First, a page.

Many of you may remember last May when we began working with a lady in Logan County who supposedly had 45 outside cats that needed fixed and re-homed. We have continued to work with that woman and I honestly think her estimate of 45 cats was very low. If I would have to guess, I would say we’ve probably helped fix nearly 100 cats. And we still are not done yet. She thinks there may be 10-15 more that she is having trouble catching at this point.

The latest batch to go in to be fixed were a mother cat and a litter of four kittens that I had coerced the woman into taking inside to care for. The woman has a male cat outside that routinely kills newborn kittens. I told her she could not let that happen to these babies and she agreed to take them and mom inside until they were old enough to fend for themselves.

A few weeks ago, I contacted the woman to see if the kittens were big enough to be fixed and if the mom had weaned them. Many, many of the cats in this woman’s colony have horrible bouts of upper respiratory infections–sometimes so bad that they die. The woman told me that all of the kittens were really ill and she was treating them with antibiotics. When I contacted her again two weeks ago, she thought they were well enough to go to our weekly clinic, but she told me that one of the kittens, who she had named Ruby, had almost died. Because of the upper respiratory infection she had survived, Ruby was tilting her head. The woman thought the head tilt was because the kitten had not received enough oxygen to her brain while she was ill. I told her that cats usually develop this tilt because of damage to their inner ears from infections or severe ear mite infestations that cause their equilibrium to be off and so they continually tilt their heads. 

When I picked up the kittens for clinic the following Wednesday morning, they all seemed very congested. I wasn’t sure if they were well enough for the surgeries, but I left them at the shelter for Carol and Dr. Amy to check over.

Later in the afternoon Dr. Amy called me. Two of the kittens had stopped breathing during their surgeries and she had to intubate them to bring them back. Dr. Amy was very concerned about the kitten named Ruby. She wasn’t sure if she would have a normal life, because it appeared that she only had one kidney. Additionally, she was having a very hard time breathing and Dr. Amy did not know if she would live through the night. She wanted to know if I wanted to euthanize the kitten. I told her that since the kitten was already waking up from her surgery that we’d give Ruby a chance. If Ruby got worse in the meantime, before I arrived to pick her up, or tested positive for feline leukemia/FIV, then it was okay to euthanize.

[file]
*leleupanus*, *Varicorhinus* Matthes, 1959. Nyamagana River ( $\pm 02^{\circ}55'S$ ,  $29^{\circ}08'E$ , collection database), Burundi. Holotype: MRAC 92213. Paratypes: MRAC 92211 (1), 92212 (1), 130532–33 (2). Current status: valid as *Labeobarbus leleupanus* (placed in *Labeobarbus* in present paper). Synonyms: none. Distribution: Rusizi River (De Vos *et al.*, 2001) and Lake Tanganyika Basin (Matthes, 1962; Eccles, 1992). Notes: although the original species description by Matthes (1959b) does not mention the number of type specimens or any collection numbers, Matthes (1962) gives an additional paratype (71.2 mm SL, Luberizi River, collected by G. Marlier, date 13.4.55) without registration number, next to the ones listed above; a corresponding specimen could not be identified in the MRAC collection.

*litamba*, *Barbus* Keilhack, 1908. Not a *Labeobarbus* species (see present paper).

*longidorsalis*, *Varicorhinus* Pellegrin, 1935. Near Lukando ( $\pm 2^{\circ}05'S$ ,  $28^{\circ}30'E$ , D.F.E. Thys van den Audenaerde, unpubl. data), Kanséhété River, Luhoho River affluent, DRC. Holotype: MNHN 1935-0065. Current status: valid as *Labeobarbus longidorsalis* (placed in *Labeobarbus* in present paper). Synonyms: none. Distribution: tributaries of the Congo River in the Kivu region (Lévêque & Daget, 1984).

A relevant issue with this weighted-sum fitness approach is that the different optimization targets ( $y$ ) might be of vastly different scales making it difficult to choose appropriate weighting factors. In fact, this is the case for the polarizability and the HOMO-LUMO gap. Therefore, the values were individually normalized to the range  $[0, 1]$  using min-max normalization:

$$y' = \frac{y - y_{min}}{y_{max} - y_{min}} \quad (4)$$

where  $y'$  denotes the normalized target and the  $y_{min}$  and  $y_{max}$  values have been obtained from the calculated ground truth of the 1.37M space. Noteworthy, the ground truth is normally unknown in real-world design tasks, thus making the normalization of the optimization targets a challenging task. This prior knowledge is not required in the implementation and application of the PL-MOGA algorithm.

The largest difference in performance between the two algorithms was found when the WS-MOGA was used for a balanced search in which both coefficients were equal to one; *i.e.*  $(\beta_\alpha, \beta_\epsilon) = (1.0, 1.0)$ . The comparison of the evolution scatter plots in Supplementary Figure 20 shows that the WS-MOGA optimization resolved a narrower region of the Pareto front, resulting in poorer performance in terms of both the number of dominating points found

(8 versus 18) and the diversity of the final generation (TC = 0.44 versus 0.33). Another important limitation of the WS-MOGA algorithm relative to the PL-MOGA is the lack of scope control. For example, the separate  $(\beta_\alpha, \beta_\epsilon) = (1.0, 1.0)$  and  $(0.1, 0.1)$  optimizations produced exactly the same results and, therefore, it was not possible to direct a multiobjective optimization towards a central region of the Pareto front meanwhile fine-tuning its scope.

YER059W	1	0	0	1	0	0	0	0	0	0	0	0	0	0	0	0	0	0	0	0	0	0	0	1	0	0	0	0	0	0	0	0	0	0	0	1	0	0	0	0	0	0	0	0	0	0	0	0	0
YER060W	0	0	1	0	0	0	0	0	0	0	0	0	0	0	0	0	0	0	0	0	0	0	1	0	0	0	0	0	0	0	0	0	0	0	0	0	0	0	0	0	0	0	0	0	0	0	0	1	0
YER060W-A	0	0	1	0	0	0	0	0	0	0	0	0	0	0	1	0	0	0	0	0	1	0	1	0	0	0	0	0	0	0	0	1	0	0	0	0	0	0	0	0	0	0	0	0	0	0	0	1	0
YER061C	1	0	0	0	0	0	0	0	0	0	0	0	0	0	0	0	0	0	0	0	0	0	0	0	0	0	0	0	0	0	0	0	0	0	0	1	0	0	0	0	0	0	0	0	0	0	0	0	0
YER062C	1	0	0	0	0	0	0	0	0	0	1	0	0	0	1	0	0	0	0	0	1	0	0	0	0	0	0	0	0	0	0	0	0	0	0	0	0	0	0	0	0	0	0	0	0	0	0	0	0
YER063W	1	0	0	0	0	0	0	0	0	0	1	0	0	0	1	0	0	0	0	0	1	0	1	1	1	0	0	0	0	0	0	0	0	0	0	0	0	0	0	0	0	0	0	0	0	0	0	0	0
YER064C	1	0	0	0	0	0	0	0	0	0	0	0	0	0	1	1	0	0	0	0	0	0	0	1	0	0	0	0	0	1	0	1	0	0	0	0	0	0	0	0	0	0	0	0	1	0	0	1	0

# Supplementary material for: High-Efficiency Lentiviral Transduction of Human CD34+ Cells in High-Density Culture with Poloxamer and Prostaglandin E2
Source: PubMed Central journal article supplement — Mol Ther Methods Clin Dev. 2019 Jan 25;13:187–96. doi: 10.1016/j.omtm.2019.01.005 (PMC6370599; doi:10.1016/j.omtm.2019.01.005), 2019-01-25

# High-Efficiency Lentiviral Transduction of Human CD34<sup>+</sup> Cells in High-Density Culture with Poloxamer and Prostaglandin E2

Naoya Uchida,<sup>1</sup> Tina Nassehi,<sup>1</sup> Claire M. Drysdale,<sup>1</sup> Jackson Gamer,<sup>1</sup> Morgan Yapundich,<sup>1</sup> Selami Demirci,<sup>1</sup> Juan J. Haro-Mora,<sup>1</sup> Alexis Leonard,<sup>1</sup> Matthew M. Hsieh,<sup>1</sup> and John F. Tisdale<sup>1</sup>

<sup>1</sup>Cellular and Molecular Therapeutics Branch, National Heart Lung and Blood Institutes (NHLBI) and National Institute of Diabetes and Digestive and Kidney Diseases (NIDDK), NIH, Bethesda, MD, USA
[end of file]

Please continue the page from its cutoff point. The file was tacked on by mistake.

When I got to the humane society to pick everyone up from clinic, Ruby was still alive, but breathing with very labored breaths. Dr. Amy asked me if I could keep Ruby and her brother, Stevey, for the next week to make sure they were going to live. Both kittens were in very poor shape and were struggling to breathe. I knew that they could not go back where they had come from, so I talked to Carol and we agreed to help these babies.

I put them in my spare bedroom with a vaporizer on them and began administering antibiotics and hefty doses of Lysine, since I believed they were probably suffering from both the herpes virus and a bacterial infection. The little boy, Stevey, who looks like a Maine Coon, also had a weepy eye.

Besides struggling to breathe, the kittens were also very frightened, not only of their new circumstances, but because of how rotten they felt. They had just endured major surgery and were gasping for breath. I suppose I would be terrified, too, in those circumstances. They cowered in terror in the back of the large dog crate I had placed them in. But even though they were very sick, they still ate like troopers and that gave me hope that they had a chance. 

They lived through the night and continued to get better. 

Because I had to be out of town for a few days, Carol took the kittens from me and continued on with their care. She asked me to stop over recently to see how much they had improved in just two weeks. She also wanted me to evaluate Ruby, who she thought was deaf. 

When I arrived at the shop where Carol was keeping the siblings, she demonstrated why she thought Ruby was deaf. Opening the door to the room where Ruby and Stevey were playing in a large dog crate, Carol advised me to creep in very quietly. Stevey instantly looked up when the door opened. Ruby continued to play, unaware of our approach until Carol reached out to touch her and she jumped. She had not heard us coming.

Carol said she had noticed Ruby’s deafness the very first morning she had her. She had walked into the room and Ruby had not responded. Carol rushed over thinking the kitten had died, but then saw Ruby’s sides moving with her ragged breathing. Ruby, however, had not noticed Carol. 

We tested Ruby further, making noises and watching for her responses. It does appear that this poor baby, with the tilted head who has survived so much, is deaf. 

The kittens are doing much better now, eating and playing. They are very bonded and we think they will need to be a team for the rest of their lives. They love to be petted and begin purring immediately, but they are not very sure about being picked up and held. We don’t think they were picked up much previously. Carol is working on that and they are coming around. 

Carol told me that it will take a very special person for these two, since they have a few things stacked against them. I assured her that with a bit more time and attention that I think they will be adoptable and someone with a big heart will want to give them a home.

I’ll keep you posted.

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